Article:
Updated on 09/17/2011 5:37PM

Age has only made Speightstown better

Speightstown takes on top sprinters Cajun Beat, Pico Central, and Midas Eyes in the Vosburgh.

ELMONT, N.Y. - Trainer Todd Pletcher had two thoughts about Speightstown when he first looked at him in the summer of 1999. First, he would be a good 2-year-old. Second, he would excel in races up to one mile.

Pletcher was half right.

, who was purchased by Eugene Melnyk for $2 million at auction as a yearling, finished last in his only start at 2. He emerged from that race with bucked shins, the first in a series of infirmities that would plague the now 6-year-old son of Gone West.

Four years, two ankle surgeries, and two trainer changes later, Speightstown is the leader of the North American sprint division and is 4 for 4 this year. His status will be severely tested in the $500,000 Vosburgh, which is shaping up to be the best of four Grade 1 stakes Saturday at Belmont Park.

Among those expected to take on Speightstown in the six-furlong Vosburgh are Cajun Beat, last year's BC Sprint winner; Pico Central, winner of the Carter and Metropolitan handicaps; and Midas Eyes, the Forego winner.

Cajun Beat and Midas Eyes were less than five months old when Speightstown began his career on Travers Day 2000 at Saratoga. Sent off as the 2-1 favorite in a 13-horse field, Speightstown finished last, beaten 15 lengths. The bucked shins ended any of Pletcher's thoughts that Speightstown would enjoy early success.

"When we looked at him as a yearling, I remember vividly saying to Eugene, 'I know this is a good 2-year-old, I don't know what he'll do after that,''' Pletcher said. "Physically, when you looked at him, he was very well built, very mature, very precocious, and my thought was this horse was going to be an early kind of a horse."

Speightstown was moved from Pletcher to trainer Phil England for his 3-year-old year, as Melnyk made a concerted effort to maintain more of a presence in his native Canada, where tracks had just gotten slot machines. In February 2001, Speightstown won his 3-year-old debut at Gulfstream at odds of 13-1. After running third in an allowance race at Gulfstream and seventh in the Gotham at Aqueduct, Speightstown reeled off three straight wins at Woodbine that spring before finishing second in the Grade 2 Amsterdam Stakes at Saratoga.

He would not race again for two years.

Speightstown twice underwent surgery to remove a chip from his right ankle. The second operation came in the summer of 2002 when - now back with Pletcher - Speightstown was one breeze away from racing.

Speightstown finally made it back to the races in May 2003, when he upset the defending Breeders' Cup Classic winner Volponi in an allowance race. After finishing second in the off-the-turf Jaipur Handicap, however, Speightstown was found to have a hairline fracture in a shoulder and was sidelined again.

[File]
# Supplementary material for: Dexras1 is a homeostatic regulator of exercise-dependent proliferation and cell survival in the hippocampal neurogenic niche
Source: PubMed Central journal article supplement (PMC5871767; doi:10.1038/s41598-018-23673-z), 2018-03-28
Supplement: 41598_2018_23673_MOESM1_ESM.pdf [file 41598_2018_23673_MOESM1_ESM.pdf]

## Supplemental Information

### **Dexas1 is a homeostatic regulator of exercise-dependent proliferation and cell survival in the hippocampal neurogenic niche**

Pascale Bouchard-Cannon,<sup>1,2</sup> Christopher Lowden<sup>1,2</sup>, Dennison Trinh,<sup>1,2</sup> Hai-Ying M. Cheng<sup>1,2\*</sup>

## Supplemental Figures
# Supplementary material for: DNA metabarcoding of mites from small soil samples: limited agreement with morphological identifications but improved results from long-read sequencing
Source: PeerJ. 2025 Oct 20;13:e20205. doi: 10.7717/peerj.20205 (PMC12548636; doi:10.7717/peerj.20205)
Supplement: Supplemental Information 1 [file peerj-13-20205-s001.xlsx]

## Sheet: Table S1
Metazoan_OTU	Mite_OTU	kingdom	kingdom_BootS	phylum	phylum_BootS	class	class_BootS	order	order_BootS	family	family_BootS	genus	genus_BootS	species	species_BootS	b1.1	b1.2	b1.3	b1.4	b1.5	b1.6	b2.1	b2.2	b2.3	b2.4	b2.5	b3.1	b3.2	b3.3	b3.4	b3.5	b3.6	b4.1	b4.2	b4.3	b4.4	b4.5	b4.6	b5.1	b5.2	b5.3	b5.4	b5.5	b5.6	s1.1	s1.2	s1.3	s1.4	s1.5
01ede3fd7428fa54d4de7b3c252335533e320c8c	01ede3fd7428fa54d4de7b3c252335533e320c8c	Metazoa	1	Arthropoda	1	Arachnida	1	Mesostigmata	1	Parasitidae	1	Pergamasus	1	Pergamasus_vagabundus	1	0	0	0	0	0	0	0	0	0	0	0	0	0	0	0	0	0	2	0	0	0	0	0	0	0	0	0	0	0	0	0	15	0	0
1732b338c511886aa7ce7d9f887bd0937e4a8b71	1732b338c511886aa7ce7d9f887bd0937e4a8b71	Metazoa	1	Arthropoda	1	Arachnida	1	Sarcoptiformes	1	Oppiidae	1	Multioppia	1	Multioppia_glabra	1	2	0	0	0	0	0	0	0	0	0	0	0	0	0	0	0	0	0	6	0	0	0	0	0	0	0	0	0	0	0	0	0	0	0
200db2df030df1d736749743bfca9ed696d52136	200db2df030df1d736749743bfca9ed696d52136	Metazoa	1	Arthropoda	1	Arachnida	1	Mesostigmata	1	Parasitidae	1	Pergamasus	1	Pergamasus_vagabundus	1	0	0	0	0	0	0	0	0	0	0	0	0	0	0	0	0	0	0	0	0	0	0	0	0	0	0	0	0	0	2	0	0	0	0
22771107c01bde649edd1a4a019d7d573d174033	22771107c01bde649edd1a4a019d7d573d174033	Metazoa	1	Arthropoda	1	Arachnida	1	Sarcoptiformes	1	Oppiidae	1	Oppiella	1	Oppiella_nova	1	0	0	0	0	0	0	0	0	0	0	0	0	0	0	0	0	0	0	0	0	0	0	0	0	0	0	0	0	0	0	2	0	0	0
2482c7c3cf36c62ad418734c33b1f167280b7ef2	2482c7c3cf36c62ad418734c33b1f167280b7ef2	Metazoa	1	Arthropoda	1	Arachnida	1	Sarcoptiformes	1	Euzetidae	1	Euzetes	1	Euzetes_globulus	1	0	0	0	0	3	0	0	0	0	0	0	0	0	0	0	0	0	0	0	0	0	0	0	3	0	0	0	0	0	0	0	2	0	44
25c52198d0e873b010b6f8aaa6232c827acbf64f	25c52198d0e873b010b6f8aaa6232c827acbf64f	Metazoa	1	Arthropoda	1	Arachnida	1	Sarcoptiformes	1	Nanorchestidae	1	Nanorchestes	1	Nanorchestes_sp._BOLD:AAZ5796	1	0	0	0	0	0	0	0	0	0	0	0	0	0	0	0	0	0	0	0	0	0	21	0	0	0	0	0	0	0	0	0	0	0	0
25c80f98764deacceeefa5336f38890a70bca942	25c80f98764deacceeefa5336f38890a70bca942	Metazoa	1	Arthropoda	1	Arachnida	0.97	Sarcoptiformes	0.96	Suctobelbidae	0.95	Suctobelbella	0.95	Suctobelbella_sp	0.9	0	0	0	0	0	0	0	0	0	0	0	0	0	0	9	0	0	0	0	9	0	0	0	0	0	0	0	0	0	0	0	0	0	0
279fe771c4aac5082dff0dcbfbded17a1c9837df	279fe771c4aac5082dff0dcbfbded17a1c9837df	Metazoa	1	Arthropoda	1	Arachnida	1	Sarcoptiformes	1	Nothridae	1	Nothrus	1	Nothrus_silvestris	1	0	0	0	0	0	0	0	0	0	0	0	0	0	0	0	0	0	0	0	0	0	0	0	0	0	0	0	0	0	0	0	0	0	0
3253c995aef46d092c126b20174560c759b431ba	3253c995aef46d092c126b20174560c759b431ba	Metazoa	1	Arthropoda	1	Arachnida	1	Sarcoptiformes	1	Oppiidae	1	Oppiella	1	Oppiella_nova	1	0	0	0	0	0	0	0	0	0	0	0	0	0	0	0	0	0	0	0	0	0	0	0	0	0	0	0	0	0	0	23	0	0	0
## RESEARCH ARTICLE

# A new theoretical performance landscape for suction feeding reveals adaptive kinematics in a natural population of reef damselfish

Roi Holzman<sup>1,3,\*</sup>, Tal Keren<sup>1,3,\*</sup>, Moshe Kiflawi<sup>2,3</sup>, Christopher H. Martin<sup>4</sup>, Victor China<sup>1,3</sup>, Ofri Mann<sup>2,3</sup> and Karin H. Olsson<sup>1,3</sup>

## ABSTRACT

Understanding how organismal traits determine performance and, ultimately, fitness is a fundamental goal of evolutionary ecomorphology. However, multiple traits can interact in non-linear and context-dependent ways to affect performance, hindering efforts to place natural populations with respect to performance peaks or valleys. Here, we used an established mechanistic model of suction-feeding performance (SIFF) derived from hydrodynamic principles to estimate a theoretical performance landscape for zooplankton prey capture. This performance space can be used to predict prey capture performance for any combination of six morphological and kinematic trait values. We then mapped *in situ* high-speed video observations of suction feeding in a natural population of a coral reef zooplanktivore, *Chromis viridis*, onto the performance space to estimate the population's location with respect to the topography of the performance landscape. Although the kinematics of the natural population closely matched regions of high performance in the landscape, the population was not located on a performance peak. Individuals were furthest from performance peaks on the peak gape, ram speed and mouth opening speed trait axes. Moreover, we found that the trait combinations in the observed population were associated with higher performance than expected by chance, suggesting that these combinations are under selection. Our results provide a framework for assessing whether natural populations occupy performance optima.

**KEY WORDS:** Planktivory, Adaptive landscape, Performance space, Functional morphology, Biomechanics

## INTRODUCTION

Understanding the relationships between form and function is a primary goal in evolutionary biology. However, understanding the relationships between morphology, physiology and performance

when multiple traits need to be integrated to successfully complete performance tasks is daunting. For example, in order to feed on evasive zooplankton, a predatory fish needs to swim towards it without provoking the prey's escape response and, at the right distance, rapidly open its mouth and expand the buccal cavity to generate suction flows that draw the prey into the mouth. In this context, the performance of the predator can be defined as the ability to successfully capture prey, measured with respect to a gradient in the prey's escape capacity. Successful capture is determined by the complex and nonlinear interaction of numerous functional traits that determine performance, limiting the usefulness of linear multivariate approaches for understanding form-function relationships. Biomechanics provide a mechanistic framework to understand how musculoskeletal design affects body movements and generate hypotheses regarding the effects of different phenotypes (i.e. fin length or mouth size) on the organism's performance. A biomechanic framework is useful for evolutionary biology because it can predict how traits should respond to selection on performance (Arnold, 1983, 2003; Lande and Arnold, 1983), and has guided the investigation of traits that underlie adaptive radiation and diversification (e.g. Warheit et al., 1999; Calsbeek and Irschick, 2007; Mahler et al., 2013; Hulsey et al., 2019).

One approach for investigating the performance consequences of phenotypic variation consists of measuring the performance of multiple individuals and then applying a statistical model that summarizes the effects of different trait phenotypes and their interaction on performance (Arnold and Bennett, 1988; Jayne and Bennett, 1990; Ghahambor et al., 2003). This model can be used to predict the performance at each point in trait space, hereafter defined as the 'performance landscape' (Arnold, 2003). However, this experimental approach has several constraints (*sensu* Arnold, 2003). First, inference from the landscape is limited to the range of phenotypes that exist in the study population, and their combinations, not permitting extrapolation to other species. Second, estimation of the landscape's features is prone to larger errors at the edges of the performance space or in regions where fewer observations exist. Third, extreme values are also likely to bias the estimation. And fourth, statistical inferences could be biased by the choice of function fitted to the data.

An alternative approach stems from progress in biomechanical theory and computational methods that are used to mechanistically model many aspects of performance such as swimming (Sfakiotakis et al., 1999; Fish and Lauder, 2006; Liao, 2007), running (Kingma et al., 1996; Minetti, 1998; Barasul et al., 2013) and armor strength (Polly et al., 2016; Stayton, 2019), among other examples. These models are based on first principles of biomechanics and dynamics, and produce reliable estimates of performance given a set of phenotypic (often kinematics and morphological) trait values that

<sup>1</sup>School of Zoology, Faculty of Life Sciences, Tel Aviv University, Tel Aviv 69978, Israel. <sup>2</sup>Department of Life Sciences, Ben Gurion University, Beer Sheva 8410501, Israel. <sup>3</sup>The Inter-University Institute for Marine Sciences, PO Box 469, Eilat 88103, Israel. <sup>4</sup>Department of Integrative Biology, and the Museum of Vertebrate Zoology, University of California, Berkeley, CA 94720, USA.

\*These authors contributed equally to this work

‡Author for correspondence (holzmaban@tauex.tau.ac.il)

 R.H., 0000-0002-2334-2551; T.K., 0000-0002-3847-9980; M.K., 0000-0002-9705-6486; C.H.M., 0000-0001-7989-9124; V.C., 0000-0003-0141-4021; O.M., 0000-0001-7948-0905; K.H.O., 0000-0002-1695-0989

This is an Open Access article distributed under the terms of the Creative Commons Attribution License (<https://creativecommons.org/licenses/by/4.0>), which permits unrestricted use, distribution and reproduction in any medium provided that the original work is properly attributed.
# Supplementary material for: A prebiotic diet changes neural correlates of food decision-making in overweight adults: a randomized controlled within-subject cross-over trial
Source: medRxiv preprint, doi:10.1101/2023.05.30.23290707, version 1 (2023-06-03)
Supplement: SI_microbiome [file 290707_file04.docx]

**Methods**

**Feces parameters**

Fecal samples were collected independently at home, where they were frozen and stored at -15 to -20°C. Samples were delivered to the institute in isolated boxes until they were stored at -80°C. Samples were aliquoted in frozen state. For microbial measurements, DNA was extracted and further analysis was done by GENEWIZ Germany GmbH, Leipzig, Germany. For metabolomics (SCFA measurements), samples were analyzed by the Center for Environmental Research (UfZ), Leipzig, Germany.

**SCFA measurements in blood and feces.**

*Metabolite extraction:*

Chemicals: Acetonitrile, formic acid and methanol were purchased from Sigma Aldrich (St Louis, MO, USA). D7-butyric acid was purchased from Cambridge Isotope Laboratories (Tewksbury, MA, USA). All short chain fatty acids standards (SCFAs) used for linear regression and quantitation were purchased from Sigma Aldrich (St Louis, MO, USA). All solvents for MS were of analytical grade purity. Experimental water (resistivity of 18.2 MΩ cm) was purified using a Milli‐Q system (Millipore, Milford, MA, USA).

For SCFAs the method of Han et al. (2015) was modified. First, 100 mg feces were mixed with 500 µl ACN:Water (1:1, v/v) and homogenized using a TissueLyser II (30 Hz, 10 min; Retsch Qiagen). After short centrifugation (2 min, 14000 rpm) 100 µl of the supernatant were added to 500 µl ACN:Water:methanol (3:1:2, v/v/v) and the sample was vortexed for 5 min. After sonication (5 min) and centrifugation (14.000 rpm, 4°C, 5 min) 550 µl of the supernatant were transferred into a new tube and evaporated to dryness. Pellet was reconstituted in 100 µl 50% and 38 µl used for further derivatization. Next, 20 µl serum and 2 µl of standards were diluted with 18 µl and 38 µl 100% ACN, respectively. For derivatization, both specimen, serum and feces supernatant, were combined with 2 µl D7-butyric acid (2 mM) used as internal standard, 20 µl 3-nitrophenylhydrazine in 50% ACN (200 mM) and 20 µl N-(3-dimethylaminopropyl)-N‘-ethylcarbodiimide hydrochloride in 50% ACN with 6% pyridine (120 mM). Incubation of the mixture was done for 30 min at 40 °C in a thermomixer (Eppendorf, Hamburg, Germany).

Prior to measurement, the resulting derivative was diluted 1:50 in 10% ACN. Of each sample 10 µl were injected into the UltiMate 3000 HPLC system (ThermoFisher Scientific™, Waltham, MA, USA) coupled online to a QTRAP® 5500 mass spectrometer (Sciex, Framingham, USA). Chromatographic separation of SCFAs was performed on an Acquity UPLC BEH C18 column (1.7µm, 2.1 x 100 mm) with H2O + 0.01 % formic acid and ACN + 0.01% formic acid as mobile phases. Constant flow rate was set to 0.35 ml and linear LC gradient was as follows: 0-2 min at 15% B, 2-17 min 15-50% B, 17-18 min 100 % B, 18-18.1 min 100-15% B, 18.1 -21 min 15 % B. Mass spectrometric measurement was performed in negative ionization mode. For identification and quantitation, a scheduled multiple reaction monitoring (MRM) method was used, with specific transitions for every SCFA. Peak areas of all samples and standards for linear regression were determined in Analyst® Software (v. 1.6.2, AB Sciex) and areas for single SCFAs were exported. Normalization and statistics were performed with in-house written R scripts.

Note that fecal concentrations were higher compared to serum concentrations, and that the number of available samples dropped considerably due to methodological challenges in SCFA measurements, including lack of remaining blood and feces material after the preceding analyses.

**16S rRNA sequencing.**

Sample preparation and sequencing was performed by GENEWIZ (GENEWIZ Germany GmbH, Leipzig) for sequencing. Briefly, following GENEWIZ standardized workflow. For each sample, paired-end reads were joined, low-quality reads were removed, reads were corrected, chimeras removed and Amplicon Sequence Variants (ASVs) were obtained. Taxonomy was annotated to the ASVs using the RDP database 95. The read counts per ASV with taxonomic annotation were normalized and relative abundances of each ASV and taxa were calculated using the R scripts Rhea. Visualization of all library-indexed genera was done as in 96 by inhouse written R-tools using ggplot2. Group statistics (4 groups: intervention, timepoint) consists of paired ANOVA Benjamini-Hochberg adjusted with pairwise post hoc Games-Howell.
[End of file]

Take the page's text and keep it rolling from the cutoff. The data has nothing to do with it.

Melnyk, who along with his wife, Laura, owns a farm in Ocala, Fla., was more than willing to give Speightstown the necessary time to heal.

"With every one of our horses we can be very patient and take our time," Melnyk said. "If there's any sense of any injury or a horse needing time off to freshen up, I absolutely insist on it. You'll see a lot of our horses run as 4-, 5-, or 6-year-olds. As long as he was healthy, we always knew he had talent; we always knew he was very, very fast. He put it all together in his 6-year-old year."

Speightstown's 6-year-old season began at Gulfstream in the Artax Handicap, a race he won by 4 1/2 lengths. He followed that with another convincing win in the Churchill Downs Handicap on Derby Day.

But Speightstown really raised his game in his last two races. On Belmont Stakes Day, he won the True North Breeders' Cup, running six furlongs in 1:08.04. He duplicated that time with another stellar performance, winning the Grade 2 Alfred G. Vanderbilt Handicap at Saratoga.

"To me the most impressive race was the True North," Pletcher said. "We know he's fast, but to be able to ease back off another horse, going as fast as they were, and move to the outside and move away from that horse [Cat Genius] . . . to make multiple moves during the course of a six-furlong race was very impressive."

Pletcher said he believes a win in the Vosburgh could enable Speightstown to earn an Eclipse Award regardless of what happens in the BC Sprint on Oct. 30 at Lone Star Park.

"Look at Aldebaran, he was off the board in the Breeders' Cup Sprint and he was still champion," Pletcher said. "That proves what you do in the course of the year is very important, as well. I know the Breeders' Cup has always carried extra weight, but if he's fortunate enough to win on Saturday it puts him in a very strong position."

A position Pletcher would not have dreamt attinable four years ago.